The Details

Fungus and moss growing on a decaying stick in the woods
There is beauty in the details.

The winter forest in north Alabama is a beautiful place.  Different, but beautiful.

It’s different, I should say, from the summer forest, which, I should add, is also a beautiful place.  Beautiful, but different.

Truthfully, the winter forest when viewed from a distance is sort of monochromatic.  Lots of browns, with the occasional splash of green from a pine tree or an evergreen privet or honeysuckle bush. 

The deciduous forest has dropped its leaves, and the trees stand silent and still with nothing on their branches to catch the wind.

Ah, but the details.  The details are gorgeous if one looks closely enough. 

The mosses, tiny in stature, seem greener than green as they absorb the sunlight they’re deprived of when the trees above them are in leaf.

The mushrooms and other fungus glow orange, red, and yellow, their colors in brilliant contrast to the browns behind them.

The woodpeckers and cardinals that flit from tree to tree, their red feathers visible from a tremendous distance.

Finally, the blue sky above and the yellow-orange sun sitting low in the southern sky.

The details, indeed, are gorgeous if one looks closely enough.

Mystery Solved!

It turns out those little holes are drilled by a weevil.  An acorn weevil, specifically.  You know, those little holes in, well, acorns.  

Until recently, I didn’t know that.

The cause of those tiny openings has been a mystery to me for the longest time.  Sure, it’s been one of those mysteries that could be solved with a simple internet search, but, as is so often the case, when I’ve thought to search I’ve been away from a computer, and when I’m with a computer I don’t think to search.  Classic situation.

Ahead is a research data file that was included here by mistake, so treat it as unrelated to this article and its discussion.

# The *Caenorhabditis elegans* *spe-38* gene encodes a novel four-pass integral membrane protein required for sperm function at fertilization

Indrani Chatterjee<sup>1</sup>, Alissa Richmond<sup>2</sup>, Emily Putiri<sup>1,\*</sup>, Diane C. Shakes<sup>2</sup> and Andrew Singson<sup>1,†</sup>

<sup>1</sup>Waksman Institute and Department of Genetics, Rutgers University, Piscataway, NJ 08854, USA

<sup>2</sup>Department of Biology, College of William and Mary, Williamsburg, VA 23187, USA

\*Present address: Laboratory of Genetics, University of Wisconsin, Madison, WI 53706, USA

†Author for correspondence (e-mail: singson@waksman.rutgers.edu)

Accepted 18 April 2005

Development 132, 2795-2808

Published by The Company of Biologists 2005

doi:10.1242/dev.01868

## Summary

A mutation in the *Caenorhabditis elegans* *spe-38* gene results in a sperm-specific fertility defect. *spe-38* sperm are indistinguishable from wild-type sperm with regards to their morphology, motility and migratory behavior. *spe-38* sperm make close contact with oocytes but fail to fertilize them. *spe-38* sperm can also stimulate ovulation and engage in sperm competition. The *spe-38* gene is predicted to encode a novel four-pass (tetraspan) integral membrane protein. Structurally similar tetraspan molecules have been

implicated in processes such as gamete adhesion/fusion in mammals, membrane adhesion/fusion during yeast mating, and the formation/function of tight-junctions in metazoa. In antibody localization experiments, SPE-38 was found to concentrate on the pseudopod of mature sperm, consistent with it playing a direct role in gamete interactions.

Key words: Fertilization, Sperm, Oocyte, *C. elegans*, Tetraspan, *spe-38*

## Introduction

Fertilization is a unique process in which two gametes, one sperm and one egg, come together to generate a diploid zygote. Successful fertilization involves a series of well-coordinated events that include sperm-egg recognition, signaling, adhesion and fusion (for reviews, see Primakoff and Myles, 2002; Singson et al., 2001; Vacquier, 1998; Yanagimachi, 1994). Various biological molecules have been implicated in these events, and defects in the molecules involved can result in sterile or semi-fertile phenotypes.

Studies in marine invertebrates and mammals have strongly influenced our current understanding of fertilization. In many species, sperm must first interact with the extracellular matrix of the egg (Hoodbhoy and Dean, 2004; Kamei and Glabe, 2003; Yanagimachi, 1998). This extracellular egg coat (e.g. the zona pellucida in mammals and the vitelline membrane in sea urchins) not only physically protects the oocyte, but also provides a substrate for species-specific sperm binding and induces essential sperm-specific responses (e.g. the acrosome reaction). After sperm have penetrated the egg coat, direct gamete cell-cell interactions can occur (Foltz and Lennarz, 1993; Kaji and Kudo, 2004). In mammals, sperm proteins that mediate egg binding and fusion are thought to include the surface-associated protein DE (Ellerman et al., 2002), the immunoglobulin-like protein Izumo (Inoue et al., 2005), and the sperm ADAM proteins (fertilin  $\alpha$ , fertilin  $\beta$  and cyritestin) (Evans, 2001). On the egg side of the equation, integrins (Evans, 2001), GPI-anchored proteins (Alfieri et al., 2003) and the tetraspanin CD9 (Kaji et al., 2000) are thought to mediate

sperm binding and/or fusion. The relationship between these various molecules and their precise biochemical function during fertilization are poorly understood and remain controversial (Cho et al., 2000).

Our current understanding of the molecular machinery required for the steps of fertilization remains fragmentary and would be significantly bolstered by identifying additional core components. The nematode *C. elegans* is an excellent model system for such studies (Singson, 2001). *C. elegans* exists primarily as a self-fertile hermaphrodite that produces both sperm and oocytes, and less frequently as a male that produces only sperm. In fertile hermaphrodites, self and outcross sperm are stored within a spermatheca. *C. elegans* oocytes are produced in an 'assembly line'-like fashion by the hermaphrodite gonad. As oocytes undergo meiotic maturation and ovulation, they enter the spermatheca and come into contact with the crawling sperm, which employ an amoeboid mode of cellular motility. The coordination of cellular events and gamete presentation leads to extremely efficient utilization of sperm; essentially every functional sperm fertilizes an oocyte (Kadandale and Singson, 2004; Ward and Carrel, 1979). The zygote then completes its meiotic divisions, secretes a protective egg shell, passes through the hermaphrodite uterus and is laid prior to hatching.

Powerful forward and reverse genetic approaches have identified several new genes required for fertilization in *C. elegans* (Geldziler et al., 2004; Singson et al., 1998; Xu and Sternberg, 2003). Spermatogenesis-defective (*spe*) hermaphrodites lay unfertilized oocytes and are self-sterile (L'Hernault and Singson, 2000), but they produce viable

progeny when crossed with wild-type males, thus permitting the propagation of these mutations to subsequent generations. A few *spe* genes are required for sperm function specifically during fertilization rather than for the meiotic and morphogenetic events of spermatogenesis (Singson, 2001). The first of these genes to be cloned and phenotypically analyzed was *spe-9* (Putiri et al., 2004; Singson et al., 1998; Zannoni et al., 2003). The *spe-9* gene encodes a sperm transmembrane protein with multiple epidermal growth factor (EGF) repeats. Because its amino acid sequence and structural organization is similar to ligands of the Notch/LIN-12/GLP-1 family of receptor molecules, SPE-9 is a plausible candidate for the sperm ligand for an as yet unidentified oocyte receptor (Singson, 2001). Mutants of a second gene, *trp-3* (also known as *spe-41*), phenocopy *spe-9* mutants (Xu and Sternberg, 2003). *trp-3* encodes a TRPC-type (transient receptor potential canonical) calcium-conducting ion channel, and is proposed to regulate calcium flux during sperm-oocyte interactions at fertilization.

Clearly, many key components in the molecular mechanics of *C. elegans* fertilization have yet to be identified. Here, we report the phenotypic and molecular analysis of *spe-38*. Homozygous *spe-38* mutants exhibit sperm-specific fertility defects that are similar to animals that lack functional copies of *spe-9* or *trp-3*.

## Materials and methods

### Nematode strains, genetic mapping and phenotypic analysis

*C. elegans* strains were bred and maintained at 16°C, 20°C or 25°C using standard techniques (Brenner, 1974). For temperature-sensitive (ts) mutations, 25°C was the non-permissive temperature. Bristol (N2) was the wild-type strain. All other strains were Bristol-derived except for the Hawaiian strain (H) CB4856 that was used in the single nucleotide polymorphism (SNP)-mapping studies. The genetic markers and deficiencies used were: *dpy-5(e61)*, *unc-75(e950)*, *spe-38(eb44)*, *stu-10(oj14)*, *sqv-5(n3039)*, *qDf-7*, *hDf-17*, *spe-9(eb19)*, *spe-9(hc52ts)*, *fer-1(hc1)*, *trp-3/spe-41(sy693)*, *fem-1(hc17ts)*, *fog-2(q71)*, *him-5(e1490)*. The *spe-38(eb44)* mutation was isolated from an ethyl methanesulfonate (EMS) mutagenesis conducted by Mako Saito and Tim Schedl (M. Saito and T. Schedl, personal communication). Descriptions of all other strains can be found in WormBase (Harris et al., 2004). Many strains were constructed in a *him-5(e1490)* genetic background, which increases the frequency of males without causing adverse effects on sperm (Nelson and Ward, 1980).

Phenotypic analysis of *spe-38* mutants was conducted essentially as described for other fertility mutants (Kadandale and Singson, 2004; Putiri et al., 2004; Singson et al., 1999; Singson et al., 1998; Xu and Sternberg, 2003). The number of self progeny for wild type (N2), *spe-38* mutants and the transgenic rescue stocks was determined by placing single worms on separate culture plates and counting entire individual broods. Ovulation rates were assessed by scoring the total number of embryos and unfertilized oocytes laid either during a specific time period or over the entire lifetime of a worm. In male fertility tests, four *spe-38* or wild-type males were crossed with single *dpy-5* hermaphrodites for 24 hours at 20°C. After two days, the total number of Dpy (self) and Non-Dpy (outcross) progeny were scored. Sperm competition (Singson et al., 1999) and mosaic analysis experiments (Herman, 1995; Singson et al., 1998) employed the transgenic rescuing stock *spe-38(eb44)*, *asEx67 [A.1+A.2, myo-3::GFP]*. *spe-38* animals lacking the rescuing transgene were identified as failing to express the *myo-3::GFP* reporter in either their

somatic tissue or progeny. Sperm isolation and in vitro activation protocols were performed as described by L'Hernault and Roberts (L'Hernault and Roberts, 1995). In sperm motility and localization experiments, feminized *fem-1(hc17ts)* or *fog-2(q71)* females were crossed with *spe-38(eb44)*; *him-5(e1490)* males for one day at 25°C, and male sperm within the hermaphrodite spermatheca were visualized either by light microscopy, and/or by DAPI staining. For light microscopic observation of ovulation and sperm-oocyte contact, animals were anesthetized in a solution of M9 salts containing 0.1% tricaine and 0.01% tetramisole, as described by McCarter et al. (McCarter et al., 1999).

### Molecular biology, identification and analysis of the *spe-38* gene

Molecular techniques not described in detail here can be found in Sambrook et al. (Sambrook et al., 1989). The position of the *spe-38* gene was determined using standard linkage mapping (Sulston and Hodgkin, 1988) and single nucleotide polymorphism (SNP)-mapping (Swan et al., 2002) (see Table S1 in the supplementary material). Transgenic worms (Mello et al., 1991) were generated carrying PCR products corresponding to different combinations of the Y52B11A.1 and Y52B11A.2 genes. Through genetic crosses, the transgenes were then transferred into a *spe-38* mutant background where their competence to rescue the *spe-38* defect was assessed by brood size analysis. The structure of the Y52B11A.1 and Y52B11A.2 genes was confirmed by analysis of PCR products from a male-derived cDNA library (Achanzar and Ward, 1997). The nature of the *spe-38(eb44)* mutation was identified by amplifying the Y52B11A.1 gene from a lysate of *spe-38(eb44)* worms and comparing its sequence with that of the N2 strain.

Anyway, I just recently came across the answer, and I wasn’t even looking for it.  The page was turned, and there it was.  The book in hand was Douglas Tallamy’s The Nature of Oaks: The Rich Ecology of Our Most Essential Native Trees.  The acorn weevil and its life cycle is addressed in “November,” the second chapter in the book. 

The acorn weevil, I learned, is a small insect with an endearingly long rostrum, nearly the length of its body, that it uses to chew a small hole in an acorn.  It then lays an egg or two in the hole, plugs the opening with dung, and moves on to the next acorn to repeat the process.  

After hatching a few days later, the weevil larva burrows into and eats from the acorn until the nut drops in the fall.  It leaves through hole in which its egg was first introduced, and burrows into the ground where it stays for a year or two before emerging as an adult to repeat the process with its own offspring.

As is the case with most insects, the weevil’s survival strategy as a species is based on quantity: Acorn weevils lay a lot of eggs in a lot of acorns.

As is the case with most trees, the oak’s survival strategy as a species is based on quantity: Oak trees produce a lot of acorns, only some of which are destined to be a weevil nursery.

A quick aside: What do bluebirds, wrens, chickadees, nuthatches, woodpeckers, and a host of other backyard birds have in common?  They’re all insect eaters!  Each of these birds would love nothing more than to find a juicy caterpillar, a scurrying beetle, or – yes – a long-nosed acorn weevil crawling along a tree branch.  

These beloved birds need the acorn weevil for their own survival, so it’s a good thing there are so many of them available to meet for lunch.

—–

I really like birds, so I have to confess I felt a pang of dismay when I went to the Internet to learn more about the acorn weevil.

Stick with me – I’m about to explain.

A search for “acorn weevil” brings up a number of sites providing information on “pest control” for the homeowner.  

Deep sigh.

You see, the thing is, the acorn weevil doesn’t harm the tree.  The acorn, yes, but not the tree.  Unless you’re one of a very few people who use acorns to make flour, it’s just not a big deal to leave the bugs alone.  

The bluejays will thank you.

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